Court con­sid­ers ban on Amer­i­can

Is­rael de­tains U.S. stu­dent at air­port and bars her en­try for past sup­port of boy­cott.

Los Angeles Times - - THE WORLD - By Noga Tarnopol­sky Tarnopol­sky is a spe­cial cor­re­spon­dent.

TEL AVIV — For nine days, Lara Alqasem, a 22year-old Amer­i­can col­lege stu­dent, has been de­tained at Is­rael’s international air­port by of­fi­cials bar­ring her from en­ter­ing the coun­try to study be­cause of her ac­tivism in boy­cott ac­tiv­i­ties.

On Thurs­day, the Florida res­i­dent ap­peared in Tel Aviv District Court to ap­peal the de­ci­sion to block her en­try into Is­rael, where she had been ac­cepted into a mas­ter’s de­gree pro­gram.

The case of Alqasem, who does not deny hav­ing been ac­tive in the past with the Boy­cott, Di­vest­ment and Sanc­tions move­ment, is the first test of a 2017 Is­raeli law aimed at ban­ning any for­eign ac­tivist who ad­vo­cates for a boy­cott of Is­rael.

The He­brew Univer­sity of Jerusalem has sup­ported her ap­peal, ask­ing the court to rule against the In­te­rior Min­istry’s in­ter­pre­ta­tion of the law. A lawyer rep­re­sent­ing the univer­sity said that per­mit­ting Alqasem to at­tend the He­brew Univer­sity would send a mes­sage that “Is­rael is a democ­racy and not an apartheid state” as the BDS move­ment claims.

Is­rael says Alqasem, who was is­sued a stu­dent visa by the Is­raeli Con­sulate in Mi­ami, served as pres­i­dent of the Univer­sity of Florida branch of Stu­dents for Jus­tice in Pales­tine, a BDS-af­fil­i­ated or­ga­ni­za­tion, dur­ing the 2016-17 school year.

In an af­fi­davit filed Thurs­day, Alqasem said that her think­ing has changed in re­cent years and that she has moved away from es­pous­ing an anti-Is­raeli ide­ol­ogy. She men­tioned her en­roll­ment in the He­brew Univer­sity grad­u­ate pro­gram in tran­si­tional jus­tice as ev­i­dence of her change of heart.

Strate­gic Af­fairs Min­is­ter Gi­lad Er­dan, who leads the gov­ern­ment’s ef­forts against BDS, said in a ra­dio in­ter­view that “the He­brew Univer­sity is work­ing to­gether with the ex­treme left here.”

Er­dan added, how­ever, that “if Lara Alqasem, in her own voice, not through all kinds of lawyers or state­ments that can be mis­con­strued, says that sup­port­ing BDS is il­le­git­i­mate and she re­grets what she did, I will con­sider let­ting her in.”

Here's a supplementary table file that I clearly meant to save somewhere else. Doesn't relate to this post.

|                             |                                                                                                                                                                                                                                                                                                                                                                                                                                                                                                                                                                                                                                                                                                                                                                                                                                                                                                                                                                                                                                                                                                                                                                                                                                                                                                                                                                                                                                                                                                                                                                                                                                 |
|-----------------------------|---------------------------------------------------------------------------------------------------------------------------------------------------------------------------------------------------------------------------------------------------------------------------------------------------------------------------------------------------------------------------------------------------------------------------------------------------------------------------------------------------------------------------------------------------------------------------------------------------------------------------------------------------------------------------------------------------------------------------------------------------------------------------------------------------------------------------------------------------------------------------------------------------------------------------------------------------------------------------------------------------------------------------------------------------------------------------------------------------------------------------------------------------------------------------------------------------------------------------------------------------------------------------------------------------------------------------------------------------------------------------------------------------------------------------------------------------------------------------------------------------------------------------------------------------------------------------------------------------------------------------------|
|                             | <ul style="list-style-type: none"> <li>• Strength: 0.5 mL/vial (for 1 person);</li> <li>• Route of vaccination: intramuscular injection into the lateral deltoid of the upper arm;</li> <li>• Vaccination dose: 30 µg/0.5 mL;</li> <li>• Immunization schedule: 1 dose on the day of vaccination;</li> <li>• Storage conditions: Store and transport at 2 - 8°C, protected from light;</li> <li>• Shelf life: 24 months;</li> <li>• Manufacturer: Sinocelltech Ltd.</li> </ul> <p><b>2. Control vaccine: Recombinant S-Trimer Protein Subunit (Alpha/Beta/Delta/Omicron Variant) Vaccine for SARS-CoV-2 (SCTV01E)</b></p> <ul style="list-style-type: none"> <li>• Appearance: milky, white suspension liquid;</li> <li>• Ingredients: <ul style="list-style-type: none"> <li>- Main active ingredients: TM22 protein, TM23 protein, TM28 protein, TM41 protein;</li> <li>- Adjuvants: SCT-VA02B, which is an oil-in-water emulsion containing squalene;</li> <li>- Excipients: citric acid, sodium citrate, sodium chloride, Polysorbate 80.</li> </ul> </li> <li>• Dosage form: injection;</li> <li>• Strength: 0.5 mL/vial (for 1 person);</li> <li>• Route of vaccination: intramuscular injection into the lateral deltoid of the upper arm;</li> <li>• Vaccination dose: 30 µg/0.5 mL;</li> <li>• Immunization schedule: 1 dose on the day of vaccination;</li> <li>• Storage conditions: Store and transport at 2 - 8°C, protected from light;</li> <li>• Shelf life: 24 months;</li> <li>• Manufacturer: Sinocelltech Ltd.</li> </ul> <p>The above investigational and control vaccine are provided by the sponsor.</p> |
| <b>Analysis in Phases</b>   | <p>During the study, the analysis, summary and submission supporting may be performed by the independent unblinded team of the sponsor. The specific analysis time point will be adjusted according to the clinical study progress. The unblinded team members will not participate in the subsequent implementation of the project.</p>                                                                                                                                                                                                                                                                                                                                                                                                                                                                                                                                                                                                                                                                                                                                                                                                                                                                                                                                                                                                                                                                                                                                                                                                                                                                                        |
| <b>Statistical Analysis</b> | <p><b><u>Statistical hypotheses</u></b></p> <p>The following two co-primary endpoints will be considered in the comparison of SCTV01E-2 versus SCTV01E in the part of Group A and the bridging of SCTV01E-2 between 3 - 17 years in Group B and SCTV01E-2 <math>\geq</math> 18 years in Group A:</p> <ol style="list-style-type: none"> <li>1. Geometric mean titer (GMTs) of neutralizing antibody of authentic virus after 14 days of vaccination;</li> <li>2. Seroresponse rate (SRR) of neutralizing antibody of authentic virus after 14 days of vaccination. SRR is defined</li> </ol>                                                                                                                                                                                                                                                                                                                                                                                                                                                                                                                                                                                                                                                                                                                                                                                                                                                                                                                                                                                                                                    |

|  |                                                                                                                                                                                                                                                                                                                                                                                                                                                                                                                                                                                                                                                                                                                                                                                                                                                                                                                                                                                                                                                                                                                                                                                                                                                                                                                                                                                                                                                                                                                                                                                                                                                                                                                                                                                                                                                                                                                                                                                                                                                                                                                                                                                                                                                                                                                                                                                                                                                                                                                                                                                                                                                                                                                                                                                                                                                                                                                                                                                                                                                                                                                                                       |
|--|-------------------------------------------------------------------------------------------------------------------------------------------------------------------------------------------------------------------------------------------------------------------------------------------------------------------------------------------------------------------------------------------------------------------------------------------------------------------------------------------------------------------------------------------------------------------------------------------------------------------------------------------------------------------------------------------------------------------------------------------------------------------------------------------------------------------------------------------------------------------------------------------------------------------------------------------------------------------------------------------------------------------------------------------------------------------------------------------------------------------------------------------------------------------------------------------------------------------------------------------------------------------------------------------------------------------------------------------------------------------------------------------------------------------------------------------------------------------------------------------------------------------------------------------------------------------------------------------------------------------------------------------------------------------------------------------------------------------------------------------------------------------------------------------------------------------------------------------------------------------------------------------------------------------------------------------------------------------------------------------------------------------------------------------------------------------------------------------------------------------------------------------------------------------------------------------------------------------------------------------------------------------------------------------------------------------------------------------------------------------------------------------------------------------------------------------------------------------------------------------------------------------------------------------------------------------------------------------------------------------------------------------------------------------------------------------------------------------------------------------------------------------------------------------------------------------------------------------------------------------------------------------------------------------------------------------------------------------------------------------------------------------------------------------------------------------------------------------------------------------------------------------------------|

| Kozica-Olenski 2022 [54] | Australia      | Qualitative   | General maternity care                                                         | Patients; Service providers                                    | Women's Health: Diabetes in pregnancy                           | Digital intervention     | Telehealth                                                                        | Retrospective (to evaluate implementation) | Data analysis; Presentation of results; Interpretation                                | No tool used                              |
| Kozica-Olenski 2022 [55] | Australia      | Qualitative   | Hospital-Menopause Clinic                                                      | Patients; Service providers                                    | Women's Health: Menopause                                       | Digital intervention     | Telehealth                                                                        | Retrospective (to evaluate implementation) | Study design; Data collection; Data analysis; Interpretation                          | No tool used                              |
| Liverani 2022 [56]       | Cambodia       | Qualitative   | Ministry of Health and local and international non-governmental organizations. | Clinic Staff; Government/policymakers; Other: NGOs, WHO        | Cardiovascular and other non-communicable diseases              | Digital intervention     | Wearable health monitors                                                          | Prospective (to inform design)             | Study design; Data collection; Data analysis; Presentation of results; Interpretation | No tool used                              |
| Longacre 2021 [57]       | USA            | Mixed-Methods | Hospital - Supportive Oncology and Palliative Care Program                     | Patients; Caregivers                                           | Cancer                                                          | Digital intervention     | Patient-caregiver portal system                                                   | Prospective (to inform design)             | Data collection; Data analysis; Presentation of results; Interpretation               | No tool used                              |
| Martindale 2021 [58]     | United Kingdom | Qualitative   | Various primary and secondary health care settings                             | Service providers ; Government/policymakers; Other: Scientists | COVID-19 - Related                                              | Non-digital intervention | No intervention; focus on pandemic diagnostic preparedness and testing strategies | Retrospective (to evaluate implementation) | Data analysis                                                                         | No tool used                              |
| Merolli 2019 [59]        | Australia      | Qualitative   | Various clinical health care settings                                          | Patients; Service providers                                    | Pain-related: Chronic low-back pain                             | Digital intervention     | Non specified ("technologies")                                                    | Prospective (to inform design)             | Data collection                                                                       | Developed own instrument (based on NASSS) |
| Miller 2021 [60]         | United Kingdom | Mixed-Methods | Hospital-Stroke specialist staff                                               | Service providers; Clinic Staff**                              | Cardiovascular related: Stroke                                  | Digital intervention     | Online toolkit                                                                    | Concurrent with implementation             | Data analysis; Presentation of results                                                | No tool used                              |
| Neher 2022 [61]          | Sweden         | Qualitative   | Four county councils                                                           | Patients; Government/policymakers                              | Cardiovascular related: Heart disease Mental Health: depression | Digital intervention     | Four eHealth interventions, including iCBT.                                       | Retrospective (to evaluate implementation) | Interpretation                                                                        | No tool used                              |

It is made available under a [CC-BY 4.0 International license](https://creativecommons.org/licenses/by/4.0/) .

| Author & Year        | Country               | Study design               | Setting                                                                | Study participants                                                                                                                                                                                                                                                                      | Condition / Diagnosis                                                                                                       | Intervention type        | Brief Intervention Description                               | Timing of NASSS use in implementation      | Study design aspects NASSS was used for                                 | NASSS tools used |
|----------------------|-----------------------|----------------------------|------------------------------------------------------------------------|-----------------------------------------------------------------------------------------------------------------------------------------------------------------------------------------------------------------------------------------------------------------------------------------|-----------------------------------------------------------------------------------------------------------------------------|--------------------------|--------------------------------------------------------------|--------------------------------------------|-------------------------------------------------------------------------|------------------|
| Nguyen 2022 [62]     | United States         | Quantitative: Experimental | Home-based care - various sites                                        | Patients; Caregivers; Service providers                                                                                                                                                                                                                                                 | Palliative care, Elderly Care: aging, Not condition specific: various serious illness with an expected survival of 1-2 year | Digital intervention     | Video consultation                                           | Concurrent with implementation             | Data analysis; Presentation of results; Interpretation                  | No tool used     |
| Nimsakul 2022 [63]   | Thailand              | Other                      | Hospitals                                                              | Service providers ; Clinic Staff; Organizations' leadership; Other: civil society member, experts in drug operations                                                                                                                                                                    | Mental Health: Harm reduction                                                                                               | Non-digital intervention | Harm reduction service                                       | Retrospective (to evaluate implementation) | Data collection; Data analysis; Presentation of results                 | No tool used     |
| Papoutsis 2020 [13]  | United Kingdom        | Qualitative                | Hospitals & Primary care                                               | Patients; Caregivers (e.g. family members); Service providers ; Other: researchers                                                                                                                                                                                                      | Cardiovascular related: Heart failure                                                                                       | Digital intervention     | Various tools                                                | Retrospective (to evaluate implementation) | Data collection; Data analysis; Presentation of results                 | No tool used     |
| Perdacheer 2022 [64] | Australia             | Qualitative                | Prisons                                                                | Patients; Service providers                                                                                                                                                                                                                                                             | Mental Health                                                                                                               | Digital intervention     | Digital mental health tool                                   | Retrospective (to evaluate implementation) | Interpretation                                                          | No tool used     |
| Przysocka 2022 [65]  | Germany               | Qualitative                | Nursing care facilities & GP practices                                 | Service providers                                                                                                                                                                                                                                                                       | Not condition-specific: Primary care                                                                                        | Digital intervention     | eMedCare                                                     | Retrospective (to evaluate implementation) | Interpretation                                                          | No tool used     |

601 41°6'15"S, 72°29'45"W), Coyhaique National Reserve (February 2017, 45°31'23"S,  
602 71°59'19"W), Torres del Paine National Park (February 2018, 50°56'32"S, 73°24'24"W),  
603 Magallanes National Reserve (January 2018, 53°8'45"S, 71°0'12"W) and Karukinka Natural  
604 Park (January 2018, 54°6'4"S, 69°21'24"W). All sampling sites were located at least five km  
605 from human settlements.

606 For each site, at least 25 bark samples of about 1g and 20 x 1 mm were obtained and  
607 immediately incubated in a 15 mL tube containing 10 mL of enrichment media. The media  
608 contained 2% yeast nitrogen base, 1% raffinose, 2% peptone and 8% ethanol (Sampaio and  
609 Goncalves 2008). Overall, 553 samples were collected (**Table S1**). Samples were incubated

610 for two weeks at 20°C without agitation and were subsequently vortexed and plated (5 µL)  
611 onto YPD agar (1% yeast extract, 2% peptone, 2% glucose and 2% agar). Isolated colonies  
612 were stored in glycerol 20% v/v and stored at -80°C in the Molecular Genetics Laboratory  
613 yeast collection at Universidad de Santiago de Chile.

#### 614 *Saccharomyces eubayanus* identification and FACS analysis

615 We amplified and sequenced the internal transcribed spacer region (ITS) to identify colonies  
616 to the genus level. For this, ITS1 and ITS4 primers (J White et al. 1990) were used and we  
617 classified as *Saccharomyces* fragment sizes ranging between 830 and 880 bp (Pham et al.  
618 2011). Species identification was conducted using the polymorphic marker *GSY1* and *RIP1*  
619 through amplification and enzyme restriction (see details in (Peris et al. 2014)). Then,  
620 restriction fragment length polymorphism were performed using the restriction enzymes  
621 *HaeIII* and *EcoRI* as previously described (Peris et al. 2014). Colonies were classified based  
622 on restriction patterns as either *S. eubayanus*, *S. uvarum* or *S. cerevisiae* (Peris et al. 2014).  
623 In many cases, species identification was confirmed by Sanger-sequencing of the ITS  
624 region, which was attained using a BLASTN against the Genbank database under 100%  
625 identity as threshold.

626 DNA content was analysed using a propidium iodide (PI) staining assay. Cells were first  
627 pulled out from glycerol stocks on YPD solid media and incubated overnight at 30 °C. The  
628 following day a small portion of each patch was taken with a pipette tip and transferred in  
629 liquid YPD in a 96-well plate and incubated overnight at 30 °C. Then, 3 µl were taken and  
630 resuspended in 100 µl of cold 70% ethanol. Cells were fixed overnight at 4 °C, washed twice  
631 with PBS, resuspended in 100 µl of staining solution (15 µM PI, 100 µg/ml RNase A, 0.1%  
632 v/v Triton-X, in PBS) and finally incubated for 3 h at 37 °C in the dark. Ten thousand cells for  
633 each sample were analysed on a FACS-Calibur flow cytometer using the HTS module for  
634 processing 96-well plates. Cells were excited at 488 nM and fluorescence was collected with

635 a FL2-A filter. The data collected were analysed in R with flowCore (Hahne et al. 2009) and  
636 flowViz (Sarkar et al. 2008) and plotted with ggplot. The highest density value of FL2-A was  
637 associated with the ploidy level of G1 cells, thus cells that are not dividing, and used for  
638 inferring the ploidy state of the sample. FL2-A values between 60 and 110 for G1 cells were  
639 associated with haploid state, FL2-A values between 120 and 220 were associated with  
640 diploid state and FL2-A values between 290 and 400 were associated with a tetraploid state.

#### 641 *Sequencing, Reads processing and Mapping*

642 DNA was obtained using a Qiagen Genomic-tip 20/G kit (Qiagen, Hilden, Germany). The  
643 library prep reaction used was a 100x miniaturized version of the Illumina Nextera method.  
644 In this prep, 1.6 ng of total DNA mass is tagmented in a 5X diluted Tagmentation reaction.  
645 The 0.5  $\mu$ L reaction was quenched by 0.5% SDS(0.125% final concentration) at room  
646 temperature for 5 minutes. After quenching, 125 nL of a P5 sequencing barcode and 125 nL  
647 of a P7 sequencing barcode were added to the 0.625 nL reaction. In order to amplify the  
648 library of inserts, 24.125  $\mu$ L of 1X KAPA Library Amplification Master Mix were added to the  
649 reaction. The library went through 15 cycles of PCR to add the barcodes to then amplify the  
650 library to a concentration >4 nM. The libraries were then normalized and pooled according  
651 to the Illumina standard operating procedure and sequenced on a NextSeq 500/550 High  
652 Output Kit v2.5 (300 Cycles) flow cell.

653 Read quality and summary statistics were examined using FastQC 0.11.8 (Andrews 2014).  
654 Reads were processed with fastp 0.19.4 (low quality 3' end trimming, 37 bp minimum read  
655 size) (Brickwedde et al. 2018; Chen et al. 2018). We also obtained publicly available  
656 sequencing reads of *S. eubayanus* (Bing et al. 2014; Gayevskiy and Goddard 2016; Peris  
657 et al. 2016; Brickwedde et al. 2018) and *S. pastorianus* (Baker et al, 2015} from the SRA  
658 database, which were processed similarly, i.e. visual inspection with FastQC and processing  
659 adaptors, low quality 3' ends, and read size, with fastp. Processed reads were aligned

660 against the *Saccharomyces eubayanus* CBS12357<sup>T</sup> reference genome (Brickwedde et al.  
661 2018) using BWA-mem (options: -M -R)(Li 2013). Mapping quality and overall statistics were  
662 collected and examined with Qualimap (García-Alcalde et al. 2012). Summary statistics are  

Alqasem been held since Oct. 2 in a dorm-like fa­cil­ity at Ben Gu­rion International Air­port and is al­lowed out­doors sev­eral times a day. Au­thor­i­ties say she is not un­der ar­rest and is free to leave Is­rael at any point if she ac­cepts de­por­ta­tion back to the United States.

The sit­u­a­tion has pro­voked out­rage across the board, even from some of Is­rael’s most fer­vent sup­port­ers.

Writ­ing for Bloomberg View, au­thor Zev Chafets said that “the Alqasem case is an ex­am­ple of what hap­pens when cyn­i­cism meets moral panic.”

Yes, he ac­knowl­edged, “BDS does, in­deed, hate Is­rael and the Jews who sup­port it … but the min­is­ter wildly ex­ag­ger­ated the dan­ger, not sur­pris­ingly given it’s an election year in Is­rael.”

The Assn. of Is­raeli Univer­sity Heads also crit­i­cized the gov­ern­ment’s action, say­ing that the min­istry re­neged on a com­mit­ment to con­sult the lo­cal aca­demic in­sti­tu­tion be­fore any action was taken against a stu­dent.

“The dam­age caused to Is­rael and Is­raeli academia as a whole, to the Is­raeli uni­ver­si­ties and par­tic­u­larly to Is­raeli sci­en­tists and re­searchers abroad by de­ci­sions of this kind could well ex­ceed the po­ten­tial dam­age, if any, of per­mit­ting her to en­ter Is­rael,” wrote Tel Aviv Univer­sity Pres­i­dent Joseph Klafter on be­half of the or­ga­ni­za­tion.

Alqasem’s con­tention that her po­lit­i­cal think­ing has evolved was sup­ported in let­ters from Florida aca­demics, in­clud­ing Eric Kliger­man, a pro­fes­sor of Jewish and Ger­man stud­ies who taught two sem­i­nars she at­tended.

Kliger­man at­tested that Alqasem, who grad­u­ated in May, was “one of the most gifted and promis­ing un­der­grad­u­ate stu­dents I have had the pleasure of work­ing with at the Univer­sity of Florida.”

“Far from be­ing an ad­vo­cate of BDS or a pro­po­nent of sup­press­ing di­a­logue and the in­tel­lec­tual ex­change be­tween peo­ples,” he wrote, “Lara is one of the most en­gag­ing and thought­ful stu­dents I have had in my sem­i­nars on Jewish cul­ture and thought. If any­thing, her pres­ence in Is­rael would lead to fruit­ful paths of com­mu­ni­ca­tion among its dis­tinct and vi­brant cul­tures.”

State at­tor­ney Yossi Tzadok coun­tered in court that Alqasem re­mains a pro­po­nent of BDS and that her so­cial me­dia were erased be­fore she ar­rived in Is­rael to con­ceal such be­liefs.

As ev­i­dence, Tzadok pre­sented a screen­shot of Alqasem’s for­mer Face­book page, in­clud­ing an “at­tend­ing” click on an April 2016 event ad­vo­cat­ing a boy­cott of hum­mus brand Sabra, which is partly owned by an Is­raeli con­cern.

On Wed­nes­day, U.S. State Depart­ment spokes­woman Heather Nauert said that “we value free­dom of ex­pres­sion … also in cases where peo­ple don’t agree with lo­cal poli­cies or even United States poli­cies.”

But, she said, “it is up to the gov­ern­ment of Is­rael to de­cide who it wants to let into the coun­try.”

Jack Guez AFP/Getty Images

AMER­I­CAN COL­LEGE stu­dent Lara Alqasem ap­pears in Tel Aviv District Court. A group of univer­sity chiefs has crit­i­cized the gov­ern­ment for ban­ning her.

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